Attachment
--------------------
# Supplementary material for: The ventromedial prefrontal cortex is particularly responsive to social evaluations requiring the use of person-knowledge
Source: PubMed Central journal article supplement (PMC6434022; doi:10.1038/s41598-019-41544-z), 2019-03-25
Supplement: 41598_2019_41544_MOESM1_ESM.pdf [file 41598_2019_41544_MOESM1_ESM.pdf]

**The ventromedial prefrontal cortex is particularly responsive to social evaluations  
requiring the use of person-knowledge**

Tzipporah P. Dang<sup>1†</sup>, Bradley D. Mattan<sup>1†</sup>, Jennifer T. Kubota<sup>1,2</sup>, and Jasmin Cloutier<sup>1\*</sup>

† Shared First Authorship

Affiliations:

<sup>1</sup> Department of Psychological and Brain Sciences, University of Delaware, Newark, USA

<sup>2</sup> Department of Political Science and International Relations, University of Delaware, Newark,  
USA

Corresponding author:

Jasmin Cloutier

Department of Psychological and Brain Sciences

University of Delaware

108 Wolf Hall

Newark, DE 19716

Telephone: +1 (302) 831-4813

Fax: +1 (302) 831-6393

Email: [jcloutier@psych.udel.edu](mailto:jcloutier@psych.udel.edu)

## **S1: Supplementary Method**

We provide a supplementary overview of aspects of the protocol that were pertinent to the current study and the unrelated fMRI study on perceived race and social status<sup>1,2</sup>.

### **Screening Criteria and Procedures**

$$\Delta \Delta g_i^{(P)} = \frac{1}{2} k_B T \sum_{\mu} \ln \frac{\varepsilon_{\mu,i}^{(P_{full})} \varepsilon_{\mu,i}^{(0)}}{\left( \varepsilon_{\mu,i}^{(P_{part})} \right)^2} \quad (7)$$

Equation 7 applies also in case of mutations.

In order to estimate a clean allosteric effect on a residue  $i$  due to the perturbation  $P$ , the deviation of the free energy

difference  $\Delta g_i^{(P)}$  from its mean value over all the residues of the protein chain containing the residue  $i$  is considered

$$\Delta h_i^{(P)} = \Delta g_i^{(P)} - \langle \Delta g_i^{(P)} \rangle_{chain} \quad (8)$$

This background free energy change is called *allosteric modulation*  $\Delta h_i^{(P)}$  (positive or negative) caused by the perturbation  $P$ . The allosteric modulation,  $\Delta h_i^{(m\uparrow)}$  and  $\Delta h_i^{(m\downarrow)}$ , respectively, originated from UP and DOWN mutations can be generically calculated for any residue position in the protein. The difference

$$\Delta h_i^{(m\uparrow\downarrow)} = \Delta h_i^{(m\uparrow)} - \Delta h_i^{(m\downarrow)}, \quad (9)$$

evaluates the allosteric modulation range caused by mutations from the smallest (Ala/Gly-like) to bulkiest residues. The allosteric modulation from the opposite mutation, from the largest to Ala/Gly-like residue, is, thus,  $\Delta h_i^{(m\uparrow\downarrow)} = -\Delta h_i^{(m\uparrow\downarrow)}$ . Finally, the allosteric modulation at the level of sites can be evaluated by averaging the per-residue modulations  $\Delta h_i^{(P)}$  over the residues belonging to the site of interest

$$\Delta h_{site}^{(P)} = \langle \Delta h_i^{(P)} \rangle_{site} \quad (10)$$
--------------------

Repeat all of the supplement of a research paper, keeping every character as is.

# Supplementary material for: The ventromedial prefrontal cortex is particularly responsive to social evaluations requiring the use of person-knowledge
Source: PubMed Central journal article supplement (PMC6434022; doi:10.1038/s41598-019-41544-z), 2019-03-25
Supplement: 41598_2019_41544_MOESM1_ESM.pdf [file 41598_2019_41544_MOESM1_ESM.pdf]

**The ventromedial prefrontal cortex is particularly responsive to social evaluations  
requiring the use of person-knowledge**

Tzipporah P. Dang<sup>1†</sup>, Bradley D. Mattan<sup>1†</sup>, Jennifer T. Kubota<sup>1,2</sup>, and Jasmin Cloutier<sup>1\*</sup>

† Shared First Authorship

Affiliations:

<sup>1</sup> Department of Psychological and Brain Sciences, University of Delaware, Newark, USA

<sup>2</sup> Department of Political Science and International Relations, University of Delaware, Newark,  
USA

Corresponding author:

Jasmin Cloutier

Department of Psychological and Brain Sciences

University of Delaware

108 Wolf Hall

Newark, DE 19716

Telephone: +1 (302) 831-4813

Fax: +1 (302) 831-6393

Email: [jcloutier@psych.udel.edu](mailto:jcloutier@psych.udel.edu)

## **S1: Supplementary Method**

We provide a supplementary overview of aspects of the protocol that were pertinent to the current study and the unrelated fMRI study on perceived race and social status<sup>1,2</sup>.

### **Screening Criteria and Procedures**

$$\Delta \Delta g_i^{(P)} = \frac{1}{2} k_B T \sum_{\mu} \ln \frac{\varepsilon_{\mu,i}^{(P_{full})} \varepsilon_{\mu,i}^{(0)}}{\left( \varepsilon_{\mu,i}^{(P_{part})} \right)^2} \quad (7)$$

Equation 7 applies also in case of mutations.

In order to estimate a clean allosteric effect on a residue  $i$  due to the perturbation  $P$ , the deviation of the free energy

difference  $\Delta g_i^{(P)}$  from its mean value over all the residues of the protein chain containing the residue  $i$  is considered

$$\Delta h_i^{(P)} = \Delta g_i^{(P)} - \langle \Delta g_i^{(P)} \rangle_{chain} \quad (8)$$

This background free energy change is called *allosteric modulation*  $\Delta h_i^{(P)}$  (positive or negative) caused by the perturbation  $P$ . The allosteric modulation,  $\Delta h_i^{(m\uparrow)}$  and  $\Delta h_i^{(m\downarrow)}$ , respectively, originated from UP and DOWN mutations can be generically calculated for any residue position in the protein. The difference

$$\Delta h_i^{(m\uparrow\downarrow)} = \Delta h_i^{(m\uparrow)} - \Delta h_i^{(m\downarrow)}, \quad (9)$$

evaluates the allosteric modulation range caused by mutations from the smallest (Ala/Gly-like) to bulkiest residues. The allosteric modulation from the opposite mutation, from the largest to Ala/Gly-like residue, is, thus,  $\Delta h_i^{(m\uparrow\downarrow)} = -\Delta h_i^{(m\uparrow\downarrow)}$ . Finally, the allosteric modulation at the level of sites can be evaluated by averaging the per-residue modulations  $\Delta h_i^{(P)}$  over the residues belonging to the site of interest

$$\Delta h_{site}^{(P)} = \langle \Delta h_i^{(P)} \rangle_{site} \quad (10)$$